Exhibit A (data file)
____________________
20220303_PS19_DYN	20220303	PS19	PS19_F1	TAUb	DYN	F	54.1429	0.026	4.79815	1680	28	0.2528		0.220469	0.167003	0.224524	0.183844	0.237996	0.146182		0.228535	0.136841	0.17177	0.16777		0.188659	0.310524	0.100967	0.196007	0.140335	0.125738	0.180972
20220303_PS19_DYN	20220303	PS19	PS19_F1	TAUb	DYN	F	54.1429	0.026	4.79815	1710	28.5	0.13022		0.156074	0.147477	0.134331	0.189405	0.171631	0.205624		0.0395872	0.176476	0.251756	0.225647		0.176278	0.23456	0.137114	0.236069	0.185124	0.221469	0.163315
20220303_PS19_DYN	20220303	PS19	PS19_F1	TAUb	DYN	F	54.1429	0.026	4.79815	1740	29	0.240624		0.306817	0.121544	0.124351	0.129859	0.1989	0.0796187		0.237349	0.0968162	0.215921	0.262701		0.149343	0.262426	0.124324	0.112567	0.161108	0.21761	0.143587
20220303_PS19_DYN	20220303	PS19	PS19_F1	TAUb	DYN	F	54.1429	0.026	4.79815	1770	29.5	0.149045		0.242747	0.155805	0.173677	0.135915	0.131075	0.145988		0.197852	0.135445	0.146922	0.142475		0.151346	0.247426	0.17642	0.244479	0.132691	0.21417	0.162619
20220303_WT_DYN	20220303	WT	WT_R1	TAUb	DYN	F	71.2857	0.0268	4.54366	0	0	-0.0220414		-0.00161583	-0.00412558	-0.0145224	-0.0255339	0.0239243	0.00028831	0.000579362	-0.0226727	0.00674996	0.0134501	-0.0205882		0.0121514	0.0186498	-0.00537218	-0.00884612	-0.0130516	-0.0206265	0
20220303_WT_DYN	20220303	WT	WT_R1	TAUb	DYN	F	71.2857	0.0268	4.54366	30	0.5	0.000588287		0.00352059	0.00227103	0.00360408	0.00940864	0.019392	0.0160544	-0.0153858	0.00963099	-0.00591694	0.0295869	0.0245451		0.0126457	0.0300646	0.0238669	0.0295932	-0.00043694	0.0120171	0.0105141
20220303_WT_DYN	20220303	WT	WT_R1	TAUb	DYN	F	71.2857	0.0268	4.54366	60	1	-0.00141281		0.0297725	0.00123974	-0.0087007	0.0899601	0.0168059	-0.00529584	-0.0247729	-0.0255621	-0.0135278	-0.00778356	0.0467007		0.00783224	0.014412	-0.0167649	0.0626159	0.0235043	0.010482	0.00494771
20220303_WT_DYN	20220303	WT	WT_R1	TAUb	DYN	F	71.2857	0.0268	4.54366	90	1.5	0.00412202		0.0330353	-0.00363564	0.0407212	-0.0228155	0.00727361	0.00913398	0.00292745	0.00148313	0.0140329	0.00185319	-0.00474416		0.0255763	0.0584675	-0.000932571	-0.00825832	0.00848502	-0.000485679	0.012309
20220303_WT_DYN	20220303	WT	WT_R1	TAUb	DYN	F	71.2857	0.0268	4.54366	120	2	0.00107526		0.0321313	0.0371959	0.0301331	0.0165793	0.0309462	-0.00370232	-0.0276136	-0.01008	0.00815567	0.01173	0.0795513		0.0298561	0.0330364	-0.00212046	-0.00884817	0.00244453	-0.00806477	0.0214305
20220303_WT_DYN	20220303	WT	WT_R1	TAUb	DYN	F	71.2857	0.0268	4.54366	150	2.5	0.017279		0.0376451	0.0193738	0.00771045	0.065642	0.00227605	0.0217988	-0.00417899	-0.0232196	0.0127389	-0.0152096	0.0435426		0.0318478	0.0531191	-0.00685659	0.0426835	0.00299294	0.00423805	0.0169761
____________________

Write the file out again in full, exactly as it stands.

20220303_PS19_DYN	20220303	PS19	PS19_F1	TAUb	DYN	F	54.1429	0.026	4.79815	1680	28	0.2528		0.220469	0.167003	0.224524	0.183844	0.237996	0.146182		0.228535	0.136841	0.17177	0.16777		0.188659	0.310524	0.100967	0.196007	0.140335	0.125738	0.180972
20220303_PS19_DYN	20220303	PS19	PS19_F1	TAUb	DYN	F	54.1429	0.026	4.79815	1710	28.5	0.13022		0.156074	0.147477	0.134331	0.189405	0.171631	0.205624		0.0395872	0.176476	0.251756	0.225647		0.176278	0.23456	0.137114	0.236069	0.185124	0.221469	0.163315
20220303_PS19_DYN	20220303	PS19	PS19_F1	TAUb	DYN	F	54.1429	0.026	4.79815	1740	29	0.240624		0.306817	0.121544	0.124351	0.129859	0.1989	0.0796187		0.237349	0.0968162	0.215921	0.262701		0.149343	0.262426	0.124324	0.112567	0.161108	0.21761	0.143587
20220303_PS19_DYN	20220303	PS19	PS19_F1	TAUb	DYN	F	54.1429	0.026	4.79815	1770	29.5	0.149045		0.242747	0.155805	0.173677	0.135915	0.131075	0.145988		0.197852	0.135445	0.146922	0.142475		0.151346	0.247426	0.17642	0.244479	0.132691	0.21417	0.162619
20220303_WT_DYN	20220303	WT	WT_R1	TAUb	DYN	F	71.2857	0.0268	4.54366	0	0	-0.0220414		-0.00161583	-0.00412558	-0.0145224	-0.0255339	0.0239243	0.00028831	0.000579362	-0.0226727	0.00674996	0.0134501	-0.0205882		0.0121514	0.0186498	-0.00537218	-0.00884612	-0.0130516	-0.0206265	0
20220303_WT_DYN	20220303	WT	WT_R1	TAUb	DYN	F	71.2857	0.0268	4.54366	30	0.5	0.000588287		0.00352059	0.00227103	0.00360408	0.00940864	0.019392	0.0160544	-0.0153858	0.00963099	-0.00591694	0.0295869	0.0245451		0.0126457	0.0300646	0.0238669	0.0295932	-0.00043694	0.0120171	0.0105141
20220303_WT_DYN	20220303	WT	WT_R1	TAUb	DYN	F	71.2857	0.0268	4.54366	60	1	-0.00141281		0.0297725	0.00123974	-0.0087007	0.0899601	0.0168059	-0.00529584	-0.0247729	-0.0255621	-0.0135278	-0.00778356	0.0467007		0.00783224	0.014412	-0.0167649	0.0626159	0.0235043	0.010482	0.00494771
20220303_WT_DYN	20220303	WT	WT_R1	TAUb	DYN	F	71.2857	0.0268	4.54366	90	1.5	0.00412202		0.0330353	-0.00363564	0.0407212	-0.0228155	0.00727361	0.00913398	0.00292745	0.00148313	0.0140329	0.00185319	-0.00474416		0.0255763	0.0584675	-0.000932571	-0.00825832	0.00848502	-0.000485679	0.012309
20220303_WT_DYN	20220303	WT	WT_R1	TAUb	DYN	F	71.2857	0.0268	4.54366	120	2	0.00107526		0.0321313	0.0371959	0.0301331	0.0165793	0.0309462	-0.00370232	-0.0276136	-0.01008	0.00815567	0.01173	0.0795513		0.0298561	0.0330364	-0.00212046	-0.00884817	0.00244453	-0.00806477	0.0214305
20220303_WT_DYN	20220303	WT	WT_R1	TAUb	DYN	F	71.2857	0.0268	4.54366	150	2.5	0.017279		0.0376451	0.0193738	0.00771045	0.065642	0.00227605	0.0217988	-0.00417899	-0.0232196	0.0127389	-0.0152096	0.0435426		0.0318478	0.0531191	-0.00685659	0.0426835	0.00299294	0.00423805	0.0169761